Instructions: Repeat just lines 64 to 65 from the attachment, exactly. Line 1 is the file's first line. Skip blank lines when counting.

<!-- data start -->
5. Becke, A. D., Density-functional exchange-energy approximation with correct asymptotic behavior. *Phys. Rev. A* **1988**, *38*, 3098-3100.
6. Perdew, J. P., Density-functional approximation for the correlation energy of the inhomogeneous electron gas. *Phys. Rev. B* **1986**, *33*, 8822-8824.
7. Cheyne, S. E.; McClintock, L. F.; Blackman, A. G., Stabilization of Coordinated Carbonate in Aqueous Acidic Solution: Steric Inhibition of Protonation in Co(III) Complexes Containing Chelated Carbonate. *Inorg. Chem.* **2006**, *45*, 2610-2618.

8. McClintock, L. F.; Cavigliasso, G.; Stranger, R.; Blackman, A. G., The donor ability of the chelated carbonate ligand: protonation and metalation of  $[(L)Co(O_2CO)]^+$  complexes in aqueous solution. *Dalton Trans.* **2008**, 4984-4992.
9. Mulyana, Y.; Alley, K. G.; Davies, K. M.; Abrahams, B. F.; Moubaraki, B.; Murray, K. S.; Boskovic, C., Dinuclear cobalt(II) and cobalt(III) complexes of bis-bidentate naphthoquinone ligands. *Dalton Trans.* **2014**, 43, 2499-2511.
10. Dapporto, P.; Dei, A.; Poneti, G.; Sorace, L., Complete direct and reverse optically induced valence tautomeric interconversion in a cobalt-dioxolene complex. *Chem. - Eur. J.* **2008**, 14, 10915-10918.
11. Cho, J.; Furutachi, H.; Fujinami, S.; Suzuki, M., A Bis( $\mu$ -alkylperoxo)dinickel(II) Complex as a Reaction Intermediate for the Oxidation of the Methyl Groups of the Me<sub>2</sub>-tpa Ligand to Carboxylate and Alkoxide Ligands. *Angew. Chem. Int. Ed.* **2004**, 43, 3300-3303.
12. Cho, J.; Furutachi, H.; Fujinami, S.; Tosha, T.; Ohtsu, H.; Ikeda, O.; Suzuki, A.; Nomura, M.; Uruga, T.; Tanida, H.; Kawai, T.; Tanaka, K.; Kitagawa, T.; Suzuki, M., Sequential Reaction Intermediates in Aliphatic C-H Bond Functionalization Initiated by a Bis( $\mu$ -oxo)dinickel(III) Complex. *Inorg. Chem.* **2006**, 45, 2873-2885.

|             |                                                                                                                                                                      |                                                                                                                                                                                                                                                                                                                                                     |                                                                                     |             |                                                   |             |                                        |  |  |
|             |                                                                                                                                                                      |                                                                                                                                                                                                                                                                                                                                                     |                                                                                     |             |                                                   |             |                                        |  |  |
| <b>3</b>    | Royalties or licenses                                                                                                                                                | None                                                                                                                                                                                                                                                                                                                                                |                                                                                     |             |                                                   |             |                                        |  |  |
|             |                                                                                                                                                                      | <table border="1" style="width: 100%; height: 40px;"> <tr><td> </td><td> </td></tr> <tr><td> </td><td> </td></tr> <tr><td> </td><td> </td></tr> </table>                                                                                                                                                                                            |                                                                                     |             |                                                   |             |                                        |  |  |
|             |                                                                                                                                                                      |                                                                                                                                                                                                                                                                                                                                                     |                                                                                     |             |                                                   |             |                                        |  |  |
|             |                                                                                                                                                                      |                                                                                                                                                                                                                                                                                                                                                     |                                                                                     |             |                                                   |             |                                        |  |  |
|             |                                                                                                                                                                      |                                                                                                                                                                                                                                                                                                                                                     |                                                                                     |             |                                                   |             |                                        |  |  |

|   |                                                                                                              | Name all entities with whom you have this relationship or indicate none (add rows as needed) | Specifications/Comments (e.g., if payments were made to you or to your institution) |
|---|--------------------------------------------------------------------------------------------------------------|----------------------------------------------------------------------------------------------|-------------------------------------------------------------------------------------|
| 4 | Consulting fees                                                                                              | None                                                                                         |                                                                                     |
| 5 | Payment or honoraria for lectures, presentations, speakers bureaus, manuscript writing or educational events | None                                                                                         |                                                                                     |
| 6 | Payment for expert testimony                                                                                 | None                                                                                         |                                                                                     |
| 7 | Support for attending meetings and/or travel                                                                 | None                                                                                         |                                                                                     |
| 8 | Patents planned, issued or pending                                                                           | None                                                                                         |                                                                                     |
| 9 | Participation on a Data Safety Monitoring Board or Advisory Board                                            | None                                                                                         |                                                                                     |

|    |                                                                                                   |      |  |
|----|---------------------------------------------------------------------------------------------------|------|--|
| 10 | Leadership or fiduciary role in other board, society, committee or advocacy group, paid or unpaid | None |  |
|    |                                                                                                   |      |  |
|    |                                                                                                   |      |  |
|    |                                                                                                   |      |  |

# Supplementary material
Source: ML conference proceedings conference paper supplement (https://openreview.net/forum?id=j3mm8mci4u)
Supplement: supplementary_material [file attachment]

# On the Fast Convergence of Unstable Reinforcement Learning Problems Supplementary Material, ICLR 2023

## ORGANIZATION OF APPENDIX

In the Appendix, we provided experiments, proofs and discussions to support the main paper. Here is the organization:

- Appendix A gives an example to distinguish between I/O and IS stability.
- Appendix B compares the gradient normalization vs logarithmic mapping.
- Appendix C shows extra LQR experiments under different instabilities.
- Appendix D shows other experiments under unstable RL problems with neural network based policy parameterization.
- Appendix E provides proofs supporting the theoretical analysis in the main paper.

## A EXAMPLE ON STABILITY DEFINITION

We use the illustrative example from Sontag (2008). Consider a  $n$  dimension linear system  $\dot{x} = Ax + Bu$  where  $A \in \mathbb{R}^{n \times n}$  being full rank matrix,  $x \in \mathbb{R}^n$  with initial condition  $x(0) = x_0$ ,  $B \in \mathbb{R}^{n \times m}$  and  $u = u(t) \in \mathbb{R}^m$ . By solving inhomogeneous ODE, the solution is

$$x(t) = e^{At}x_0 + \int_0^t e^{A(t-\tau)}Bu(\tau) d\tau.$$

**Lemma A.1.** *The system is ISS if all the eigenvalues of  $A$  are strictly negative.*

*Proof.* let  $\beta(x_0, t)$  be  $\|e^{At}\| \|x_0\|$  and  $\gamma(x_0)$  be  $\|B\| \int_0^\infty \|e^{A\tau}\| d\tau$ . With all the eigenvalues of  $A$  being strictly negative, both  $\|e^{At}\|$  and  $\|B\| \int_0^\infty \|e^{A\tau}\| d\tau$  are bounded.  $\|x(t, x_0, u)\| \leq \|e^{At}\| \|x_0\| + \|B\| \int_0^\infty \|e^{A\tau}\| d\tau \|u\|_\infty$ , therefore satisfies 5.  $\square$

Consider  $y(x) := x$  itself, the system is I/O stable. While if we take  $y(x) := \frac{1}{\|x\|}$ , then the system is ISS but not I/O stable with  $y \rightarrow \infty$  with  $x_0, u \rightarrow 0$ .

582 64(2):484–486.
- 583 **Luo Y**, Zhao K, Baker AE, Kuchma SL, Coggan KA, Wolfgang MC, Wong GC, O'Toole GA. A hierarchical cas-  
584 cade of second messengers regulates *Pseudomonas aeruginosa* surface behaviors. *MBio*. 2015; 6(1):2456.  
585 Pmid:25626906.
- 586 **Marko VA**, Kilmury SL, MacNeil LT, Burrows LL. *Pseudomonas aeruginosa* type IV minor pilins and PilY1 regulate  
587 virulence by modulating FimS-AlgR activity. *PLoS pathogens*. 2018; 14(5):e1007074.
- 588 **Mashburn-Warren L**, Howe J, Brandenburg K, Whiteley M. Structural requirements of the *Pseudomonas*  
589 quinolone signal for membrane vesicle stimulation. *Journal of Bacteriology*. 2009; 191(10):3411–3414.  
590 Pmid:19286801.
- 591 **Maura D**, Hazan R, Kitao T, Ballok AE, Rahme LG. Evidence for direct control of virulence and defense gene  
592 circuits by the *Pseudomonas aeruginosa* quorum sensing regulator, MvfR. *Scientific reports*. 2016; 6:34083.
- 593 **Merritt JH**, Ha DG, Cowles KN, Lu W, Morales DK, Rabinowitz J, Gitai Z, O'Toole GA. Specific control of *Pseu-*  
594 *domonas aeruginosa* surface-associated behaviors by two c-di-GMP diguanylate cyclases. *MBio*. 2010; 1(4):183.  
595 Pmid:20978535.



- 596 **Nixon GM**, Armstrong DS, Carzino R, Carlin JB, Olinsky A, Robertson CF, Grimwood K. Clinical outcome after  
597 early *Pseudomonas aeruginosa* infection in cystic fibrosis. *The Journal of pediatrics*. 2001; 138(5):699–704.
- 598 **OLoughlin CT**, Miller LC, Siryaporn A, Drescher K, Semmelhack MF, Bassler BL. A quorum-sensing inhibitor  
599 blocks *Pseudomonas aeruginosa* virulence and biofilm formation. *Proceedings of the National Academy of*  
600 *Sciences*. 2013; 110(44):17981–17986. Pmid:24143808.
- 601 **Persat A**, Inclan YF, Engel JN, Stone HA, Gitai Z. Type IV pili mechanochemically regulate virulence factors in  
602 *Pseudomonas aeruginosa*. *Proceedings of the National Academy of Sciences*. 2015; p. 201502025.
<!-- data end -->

599 blocks *Pseudomonas aeruginosa* virulence and biofilm formation. *Proceedings of the National Academy of*  
600 *Sciences*. 2013; 110(44):17981–17986. Pmid:24143808.